Fast forward to less than 48 hours later. Jason had finished the book he was reading from the Gregor series, picked up Ruby Holler on his own, and the next day asked me if it was part of a series. Unfortunately, it's not.

Read a book with your kid today. We don't do this every day but when we do, the time is amazing. Your kids will surprise you with their insights and how special those few minutes will become to them. And now, if you'll excuse me, I'm going to have to go to the library today. I'll post some pictures of the great books I find.

Please share your favorite picture books in the comments. I need to find a great one to give all the kids this year for Christmas!

Disclosure: yes, those book links are affiliate links. If you purchase books or anything else after clicking those links I'll make a teeny, tiny amount of money. And I will most likely spend it on books. So thank you!


  1. Oh, there are so many wonderful picture books out there! We're having fun at our house picking out favorites from my girls' childhoods to give to my niece's little boy. I went online a few months ago and picked up several (now out of print) favorites at various used-book sites. It was great fun.

    Christmas is coming, so I've found for Mr. Jimmy "Santa and the Little Teddy Bear" by Peter John Lucking. Fabulous illustrations and a plot designed to teach the true meaning of Christmas and why we celebrate. Jimmy may not get the true meaning yet -- he is only 2! -- but he will definitely love the illustrations, as they're simply stunning.

    Cannot echo your recommendation enough to read to your kids whenever possible. They are wonderful memories, and my niece is making her own, now.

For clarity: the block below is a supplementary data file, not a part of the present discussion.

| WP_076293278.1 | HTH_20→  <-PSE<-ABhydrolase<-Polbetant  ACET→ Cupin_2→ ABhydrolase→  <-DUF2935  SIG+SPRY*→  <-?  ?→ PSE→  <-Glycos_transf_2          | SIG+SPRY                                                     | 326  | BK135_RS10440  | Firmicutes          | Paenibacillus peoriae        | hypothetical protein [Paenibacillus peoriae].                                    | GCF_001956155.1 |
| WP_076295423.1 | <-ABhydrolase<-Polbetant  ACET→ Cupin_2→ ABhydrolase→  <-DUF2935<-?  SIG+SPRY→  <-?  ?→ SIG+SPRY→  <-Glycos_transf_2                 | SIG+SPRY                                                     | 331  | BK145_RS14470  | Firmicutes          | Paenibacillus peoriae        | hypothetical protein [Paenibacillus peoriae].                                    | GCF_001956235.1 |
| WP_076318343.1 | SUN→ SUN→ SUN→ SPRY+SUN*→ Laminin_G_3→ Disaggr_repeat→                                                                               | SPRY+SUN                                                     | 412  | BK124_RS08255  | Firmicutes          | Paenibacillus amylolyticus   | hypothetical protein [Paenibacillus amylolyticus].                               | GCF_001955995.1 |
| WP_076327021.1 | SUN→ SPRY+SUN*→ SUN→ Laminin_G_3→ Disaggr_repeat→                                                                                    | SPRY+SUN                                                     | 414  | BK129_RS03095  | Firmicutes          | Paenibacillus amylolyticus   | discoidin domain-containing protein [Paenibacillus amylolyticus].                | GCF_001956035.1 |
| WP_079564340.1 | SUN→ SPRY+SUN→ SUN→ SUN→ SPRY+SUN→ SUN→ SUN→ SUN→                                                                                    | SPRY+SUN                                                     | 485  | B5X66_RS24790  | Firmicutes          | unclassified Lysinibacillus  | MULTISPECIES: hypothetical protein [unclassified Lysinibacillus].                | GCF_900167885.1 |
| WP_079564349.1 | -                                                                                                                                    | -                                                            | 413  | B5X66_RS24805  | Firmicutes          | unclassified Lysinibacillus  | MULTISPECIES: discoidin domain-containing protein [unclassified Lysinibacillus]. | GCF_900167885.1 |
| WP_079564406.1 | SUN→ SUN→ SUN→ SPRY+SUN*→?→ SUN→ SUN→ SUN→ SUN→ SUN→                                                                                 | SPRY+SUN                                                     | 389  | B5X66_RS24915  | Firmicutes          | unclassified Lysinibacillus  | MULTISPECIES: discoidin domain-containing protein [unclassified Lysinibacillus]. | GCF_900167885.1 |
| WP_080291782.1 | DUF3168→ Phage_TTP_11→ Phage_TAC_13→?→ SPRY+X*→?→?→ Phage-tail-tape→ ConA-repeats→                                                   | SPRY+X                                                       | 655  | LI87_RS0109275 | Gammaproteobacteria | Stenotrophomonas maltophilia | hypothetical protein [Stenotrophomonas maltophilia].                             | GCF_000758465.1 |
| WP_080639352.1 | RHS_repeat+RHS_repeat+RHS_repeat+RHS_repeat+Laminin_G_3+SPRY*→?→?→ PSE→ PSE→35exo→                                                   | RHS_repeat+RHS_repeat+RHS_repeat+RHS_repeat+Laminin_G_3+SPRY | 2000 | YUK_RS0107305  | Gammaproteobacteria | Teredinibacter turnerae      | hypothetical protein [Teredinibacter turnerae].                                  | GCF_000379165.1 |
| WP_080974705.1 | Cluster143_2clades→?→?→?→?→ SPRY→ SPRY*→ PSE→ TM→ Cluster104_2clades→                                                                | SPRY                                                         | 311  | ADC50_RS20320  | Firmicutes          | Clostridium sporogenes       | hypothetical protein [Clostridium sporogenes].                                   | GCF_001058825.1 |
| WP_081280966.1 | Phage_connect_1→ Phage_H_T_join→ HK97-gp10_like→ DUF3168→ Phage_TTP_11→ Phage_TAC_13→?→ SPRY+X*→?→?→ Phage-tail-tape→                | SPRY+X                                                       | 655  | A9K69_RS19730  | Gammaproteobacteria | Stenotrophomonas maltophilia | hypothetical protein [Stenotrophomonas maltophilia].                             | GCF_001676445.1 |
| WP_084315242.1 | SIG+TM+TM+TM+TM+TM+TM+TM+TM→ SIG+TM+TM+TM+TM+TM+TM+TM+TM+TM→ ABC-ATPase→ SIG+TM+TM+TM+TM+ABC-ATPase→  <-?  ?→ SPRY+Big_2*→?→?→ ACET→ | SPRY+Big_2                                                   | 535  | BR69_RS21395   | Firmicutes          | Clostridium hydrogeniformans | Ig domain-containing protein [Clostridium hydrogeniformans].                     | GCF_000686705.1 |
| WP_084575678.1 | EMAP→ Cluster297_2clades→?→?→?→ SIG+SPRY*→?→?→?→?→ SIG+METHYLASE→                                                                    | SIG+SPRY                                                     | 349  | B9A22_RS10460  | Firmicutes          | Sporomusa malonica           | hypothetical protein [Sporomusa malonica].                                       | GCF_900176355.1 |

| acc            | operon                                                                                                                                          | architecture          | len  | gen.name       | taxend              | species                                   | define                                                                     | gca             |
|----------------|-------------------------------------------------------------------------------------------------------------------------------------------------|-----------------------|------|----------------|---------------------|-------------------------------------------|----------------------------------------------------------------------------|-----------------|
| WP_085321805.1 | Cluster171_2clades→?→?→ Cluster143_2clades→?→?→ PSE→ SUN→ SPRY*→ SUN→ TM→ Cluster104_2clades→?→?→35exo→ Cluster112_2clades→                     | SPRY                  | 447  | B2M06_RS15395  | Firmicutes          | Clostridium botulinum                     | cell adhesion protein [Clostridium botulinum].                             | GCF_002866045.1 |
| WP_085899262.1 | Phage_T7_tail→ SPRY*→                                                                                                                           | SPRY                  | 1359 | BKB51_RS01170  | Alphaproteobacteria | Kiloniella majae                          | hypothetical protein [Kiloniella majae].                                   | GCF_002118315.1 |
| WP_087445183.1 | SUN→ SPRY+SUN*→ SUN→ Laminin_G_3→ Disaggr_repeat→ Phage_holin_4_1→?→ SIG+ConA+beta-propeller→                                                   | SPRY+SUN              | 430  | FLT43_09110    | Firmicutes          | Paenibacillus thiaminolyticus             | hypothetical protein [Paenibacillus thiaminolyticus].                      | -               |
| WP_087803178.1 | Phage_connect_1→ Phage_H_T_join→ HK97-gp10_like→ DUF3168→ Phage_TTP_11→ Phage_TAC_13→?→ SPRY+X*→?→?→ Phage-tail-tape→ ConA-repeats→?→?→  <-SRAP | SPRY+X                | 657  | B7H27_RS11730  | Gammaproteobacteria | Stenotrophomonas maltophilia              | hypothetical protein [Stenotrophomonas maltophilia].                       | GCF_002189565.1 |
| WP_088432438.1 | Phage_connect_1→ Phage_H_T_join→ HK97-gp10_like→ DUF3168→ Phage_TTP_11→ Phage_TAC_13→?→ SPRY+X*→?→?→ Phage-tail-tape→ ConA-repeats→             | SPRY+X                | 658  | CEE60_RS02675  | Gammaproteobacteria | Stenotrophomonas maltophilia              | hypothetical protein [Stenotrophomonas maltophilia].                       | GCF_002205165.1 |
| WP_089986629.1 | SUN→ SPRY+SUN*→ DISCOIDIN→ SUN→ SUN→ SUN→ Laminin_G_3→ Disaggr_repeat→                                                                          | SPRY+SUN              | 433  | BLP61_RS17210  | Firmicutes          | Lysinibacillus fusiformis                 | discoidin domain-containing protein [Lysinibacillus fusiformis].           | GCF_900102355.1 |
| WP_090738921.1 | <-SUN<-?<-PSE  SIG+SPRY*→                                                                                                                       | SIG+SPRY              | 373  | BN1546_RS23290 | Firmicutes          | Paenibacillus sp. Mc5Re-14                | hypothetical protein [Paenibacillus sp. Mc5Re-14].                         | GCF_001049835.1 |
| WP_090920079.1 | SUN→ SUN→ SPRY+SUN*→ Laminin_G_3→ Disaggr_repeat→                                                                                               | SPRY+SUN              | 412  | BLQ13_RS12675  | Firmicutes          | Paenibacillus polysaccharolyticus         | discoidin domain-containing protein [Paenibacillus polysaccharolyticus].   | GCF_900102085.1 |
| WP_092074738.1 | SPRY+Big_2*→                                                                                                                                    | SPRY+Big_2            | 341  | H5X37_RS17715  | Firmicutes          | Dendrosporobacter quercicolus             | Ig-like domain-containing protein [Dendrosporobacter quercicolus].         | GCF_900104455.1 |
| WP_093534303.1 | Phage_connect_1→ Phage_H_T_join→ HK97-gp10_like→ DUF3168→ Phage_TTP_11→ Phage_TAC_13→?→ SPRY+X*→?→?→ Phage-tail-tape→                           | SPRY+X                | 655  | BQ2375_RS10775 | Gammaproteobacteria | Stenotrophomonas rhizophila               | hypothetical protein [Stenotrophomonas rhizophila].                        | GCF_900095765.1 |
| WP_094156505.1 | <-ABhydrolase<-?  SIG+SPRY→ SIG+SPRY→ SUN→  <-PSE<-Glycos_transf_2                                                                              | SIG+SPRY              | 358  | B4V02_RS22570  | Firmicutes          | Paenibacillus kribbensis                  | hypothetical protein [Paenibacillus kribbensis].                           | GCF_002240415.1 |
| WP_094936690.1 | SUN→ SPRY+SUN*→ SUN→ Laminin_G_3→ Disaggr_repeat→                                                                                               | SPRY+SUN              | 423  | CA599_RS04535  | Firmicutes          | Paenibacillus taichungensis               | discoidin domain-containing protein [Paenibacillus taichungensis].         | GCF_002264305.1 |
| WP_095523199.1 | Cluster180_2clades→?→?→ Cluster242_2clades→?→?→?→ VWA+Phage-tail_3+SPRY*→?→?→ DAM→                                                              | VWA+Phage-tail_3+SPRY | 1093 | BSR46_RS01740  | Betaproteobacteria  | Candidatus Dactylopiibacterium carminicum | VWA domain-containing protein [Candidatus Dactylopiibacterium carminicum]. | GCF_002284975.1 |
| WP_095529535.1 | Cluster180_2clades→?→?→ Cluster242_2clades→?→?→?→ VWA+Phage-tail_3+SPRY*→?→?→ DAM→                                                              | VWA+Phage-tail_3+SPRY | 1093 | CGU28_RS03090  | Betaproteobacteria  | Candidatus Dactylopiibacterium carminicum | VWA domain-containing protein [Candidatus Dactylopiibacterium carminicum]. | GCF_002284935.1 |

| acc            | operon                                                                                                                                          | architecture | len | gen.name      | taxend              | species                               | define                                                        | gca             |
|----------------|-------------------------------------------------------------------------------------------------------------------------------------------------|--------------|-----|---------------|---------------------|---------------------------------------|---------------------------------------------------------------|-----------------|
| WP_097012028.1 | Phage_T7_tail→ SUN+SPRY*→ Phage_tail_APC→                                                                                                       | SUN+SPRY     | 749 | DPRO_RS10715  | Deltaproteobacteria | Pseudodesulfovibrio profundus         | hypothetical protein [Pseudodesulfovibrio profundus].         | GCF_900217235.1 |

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  3. I have always passed on my faves from when I was little - Goodnight Moon, any of the Clifford, the Big Red Dog, Curious George... Now it's fun to spoil our friends' kids with book & stuffed animals or character sets. Thanks for a great post!

  4. Oh gosh - so many good choices. Here are a few:

    1. The Paper Bag Princess, written by Robert Munsch with art by Michael Martchenko.

    2. Hondo & Fabian by Peter McCarty - not much of a story, but fabulous drawings.

    3. Tuesday, by David Wiesner.

    4. The Mysteries of Harris Burdick, by Chris Van Allsburg.

  5. It's so sad reading that NYT article because picture books come in all different levels, just like nonfiction books have pictures but are written for different age levels. A book having pictures doesn't mean it's for young children only. I have noticed our public library doesn't call them "picture books", they call them "everyone books" and the call letter on the spine is "E" for "everyone".

    I liked how we coded the picture books at the library (where I worked with Jen) -- ones with a pink dot on the spine are for the very young, and the ones with a green dot on the spine are more complex, for more mature readers. But it always took a lot educating the patrons who came in to get them to realize that picture books are for everyone!